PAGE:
Even as supplies tighten, ample production from U.S. unconventional drilling will pressure commodity prices for years to come, ExxonMobil Corp. CEO Rex Tillerson said Wednesday.

Evolving technology in the oilfields has allowed companies to pump more and lower costs, which is going to prevent a price “blow out” in the future, he said at the 37th Oil & Money Conference in London. The Organization of the Petroleum Exporting Countries (OPEC) tentatively has committed to stabilizing output from its 14-member cartel (see Shale Daily, Sept. 28). However, reduced costs and technology in U.S. unconventional fields will counteract any action by global operators, Tillerson said.

“I don’t necessarily have the view that we are setting ourselves up for some big collapse in supply within the next three, four, five years,” he told the audience.

Unconventional drilling can be started up quickly and cheaply, which means tight oil and natural gas seams can be developed even at a lower price, according to the ExxonMobil chief. In many U.S. onshore basins, shale is economical at $60/bbl, he said.

“It’s difficult to see a big supply precipice out there,” Tillerson said. “It’s difficult to see a big price blowout.” The boom-and-bust cycle has “confirmed the viability of a very large resource base in North America.” Unconventional oil and gas serves as “enormous spare capacity” that can be ramped up or down to meet demand.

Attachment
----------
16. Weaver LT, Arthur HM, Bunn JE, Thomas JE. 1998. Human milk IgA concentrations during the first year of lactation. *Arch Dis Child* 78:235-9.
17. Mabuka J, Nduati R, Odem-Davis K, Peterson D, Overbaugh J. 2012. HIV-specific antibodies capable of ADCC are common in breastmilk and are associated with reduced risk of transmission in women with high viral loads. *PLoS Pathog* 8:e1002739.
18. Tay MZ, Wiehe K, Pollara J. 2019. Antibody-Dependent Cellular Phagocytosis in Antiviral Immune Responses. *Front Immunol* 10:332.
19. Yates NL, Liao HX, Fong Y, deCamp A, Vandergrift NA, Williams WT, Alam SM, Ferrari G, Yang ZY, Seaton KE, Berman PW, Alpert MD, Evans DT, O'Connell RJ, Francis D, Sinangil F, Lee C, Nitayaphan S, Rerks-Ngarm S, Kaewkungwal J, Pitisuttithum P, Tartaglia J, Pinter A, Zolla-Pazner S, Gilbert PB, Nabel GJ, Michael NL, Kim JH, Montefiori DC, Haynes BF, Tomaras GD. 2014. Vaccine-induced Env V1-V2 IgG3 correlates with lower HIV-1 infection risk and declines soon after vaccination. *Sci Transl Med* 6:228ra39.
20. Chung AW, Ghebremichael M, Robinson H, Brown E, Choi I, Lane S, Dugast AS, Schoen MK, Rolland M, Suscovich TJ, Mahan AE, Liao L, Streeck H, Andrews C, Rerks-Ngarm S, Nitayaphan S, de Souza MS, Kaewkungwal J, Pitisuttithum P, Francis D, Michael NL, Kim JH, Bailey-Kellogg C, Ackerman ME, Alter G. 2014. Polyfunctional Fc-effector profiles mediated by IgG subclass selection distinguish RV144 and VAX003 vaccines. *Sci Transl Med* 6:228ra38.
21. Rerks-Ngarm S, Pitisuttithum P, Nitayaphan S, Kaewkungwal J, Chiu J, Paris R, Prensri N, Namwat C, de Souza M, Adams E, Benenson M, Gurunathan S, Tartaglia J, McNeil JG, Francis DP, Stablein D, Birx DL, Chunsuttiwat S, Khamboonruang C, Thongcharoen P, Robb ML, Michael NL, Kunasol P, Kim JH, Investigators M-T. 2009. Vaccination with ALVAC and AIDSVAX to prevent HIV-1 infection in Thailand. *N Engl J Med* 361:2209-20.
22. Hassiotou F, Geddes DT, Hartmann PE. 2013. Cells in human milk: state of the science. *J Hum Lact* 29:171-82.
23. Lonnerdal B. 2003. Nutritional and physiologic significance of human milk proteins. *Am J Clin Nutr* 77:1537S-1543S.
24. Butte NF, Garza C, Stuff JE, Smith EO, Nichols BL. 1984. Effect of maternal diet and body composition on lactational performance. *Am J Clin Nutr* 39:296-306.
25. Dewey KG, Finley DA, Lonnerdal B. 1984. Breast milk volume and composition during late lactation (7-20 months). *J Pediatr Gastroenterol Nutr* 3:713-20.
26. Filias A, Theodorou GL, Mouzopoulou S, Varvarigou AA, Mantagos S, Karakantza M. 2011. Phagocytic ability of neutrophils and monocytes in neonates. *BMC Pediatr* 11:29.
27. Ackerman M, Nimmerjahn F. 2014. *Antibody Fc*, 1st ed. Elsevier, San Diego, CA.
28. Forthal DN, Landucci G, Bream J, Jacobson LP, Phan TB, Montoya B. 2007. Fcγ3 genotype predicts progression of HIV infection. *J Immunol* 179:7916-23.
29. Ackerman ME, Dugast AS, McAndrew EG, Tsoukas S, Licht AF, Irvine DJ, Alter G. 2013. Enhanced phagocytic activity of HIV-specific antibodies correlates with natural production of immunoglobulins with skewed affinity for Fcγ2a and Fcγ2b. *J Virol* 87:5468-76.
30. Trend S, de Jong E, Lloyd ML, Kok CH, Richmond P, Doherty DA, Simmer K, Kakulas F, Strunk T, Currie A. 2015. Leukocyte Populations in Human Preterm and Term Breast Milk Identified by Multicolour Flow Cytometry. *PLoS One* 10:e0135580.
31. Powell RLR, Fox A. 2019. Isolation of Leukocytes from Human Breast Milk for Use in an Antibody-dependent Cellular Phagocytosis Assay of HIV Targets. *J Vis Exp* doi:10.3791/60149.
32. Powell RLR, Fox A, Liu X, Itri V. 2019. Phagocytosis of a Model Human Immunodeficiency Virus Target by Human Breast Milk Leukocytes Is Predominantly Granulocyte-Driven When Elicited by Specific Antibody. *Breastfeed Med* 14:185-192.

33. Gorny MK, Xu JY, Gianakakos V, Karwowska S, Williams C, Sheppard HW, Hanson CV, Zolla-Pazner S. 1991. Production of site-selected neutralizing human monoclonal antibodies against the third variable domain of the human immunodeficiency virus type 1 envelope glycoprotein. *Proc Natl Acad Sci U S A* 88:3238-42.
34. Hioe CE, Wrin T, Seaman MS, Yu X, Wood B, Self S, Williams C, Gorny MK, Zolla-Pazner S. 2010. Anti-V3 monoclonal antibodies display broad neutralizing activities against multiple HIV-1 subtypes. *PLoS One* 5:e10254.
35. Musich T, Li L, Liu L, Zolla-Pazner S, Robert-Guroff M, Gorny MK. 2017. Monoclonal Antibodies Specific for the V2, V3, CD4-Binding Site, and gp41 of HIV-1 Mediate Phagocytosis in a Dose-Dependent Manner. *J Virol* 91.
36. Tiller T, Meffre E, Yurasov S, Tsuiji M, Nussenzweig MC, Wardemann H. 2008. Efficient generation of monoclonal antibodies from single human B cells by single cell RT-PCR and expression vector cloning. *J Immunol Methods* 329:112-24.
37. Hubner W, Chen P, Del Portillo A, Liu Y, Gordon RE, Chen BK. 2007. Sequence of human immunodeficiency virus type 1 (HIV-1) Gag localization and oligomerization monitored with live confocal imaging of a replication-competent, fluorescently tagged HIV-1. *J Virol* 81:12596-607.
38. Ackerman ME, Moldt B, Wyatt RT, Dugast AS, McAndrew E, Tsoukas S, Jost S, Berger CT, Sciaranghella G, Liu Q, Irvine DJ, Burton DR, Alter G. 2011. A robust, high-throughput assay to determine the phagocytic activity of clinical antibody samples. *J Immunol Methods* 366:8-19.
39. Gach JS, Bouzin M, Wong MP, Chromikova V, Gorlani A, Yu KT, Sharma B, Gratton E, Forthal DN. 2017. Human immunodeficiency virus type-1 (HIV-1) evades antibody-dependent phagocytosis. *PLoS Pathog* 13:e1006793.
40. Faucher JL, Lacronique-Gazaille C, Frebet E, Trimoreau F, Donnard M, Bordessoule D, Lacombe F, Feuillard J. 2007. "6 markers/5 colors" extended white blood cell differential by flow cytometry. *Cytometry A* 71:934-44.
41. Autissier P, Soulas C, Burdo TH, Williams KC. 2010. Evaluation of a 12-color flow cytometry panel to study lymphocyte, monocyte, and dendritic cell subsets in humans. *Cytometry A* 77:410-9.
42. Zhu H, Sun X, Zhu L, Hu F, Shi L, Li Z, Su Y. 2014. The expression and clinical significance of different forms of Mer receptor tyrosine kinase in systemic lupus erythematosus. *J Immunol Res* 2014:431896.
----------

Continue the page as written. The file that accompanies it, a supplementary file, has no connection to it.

As far as tightening markets, Tillerson reminded the audience that there still is 600 million bbl of incremental oil in storage relative to 2013. “That is a lot of oil that still has to come back at some point.”

Global energy watchdog, the International Energy Agency (IEA), said earlier this month its “supply-demand outlook suggests that the market — if left to its own devices — may remain in oversupply through the first half of next year” (see Shale Daily, Oct. 11). “If OPEC sticks to its new target, the market’s rebalancing could come faster.”

Saudi Arabia’s energy minister Khalid al-Falih’s address was a counterpoint to Tillerson’s comments, echoing IEA’s research. Falih said future oil supplies are threatened as operators have pulled back.

“On the trajectories of supply and demand that are coming…there will be potentially a shortage of supply,” Falih said. “We want to signal to the market by the gentle action of OPEC,” by working down the inventory to ensure investments resume.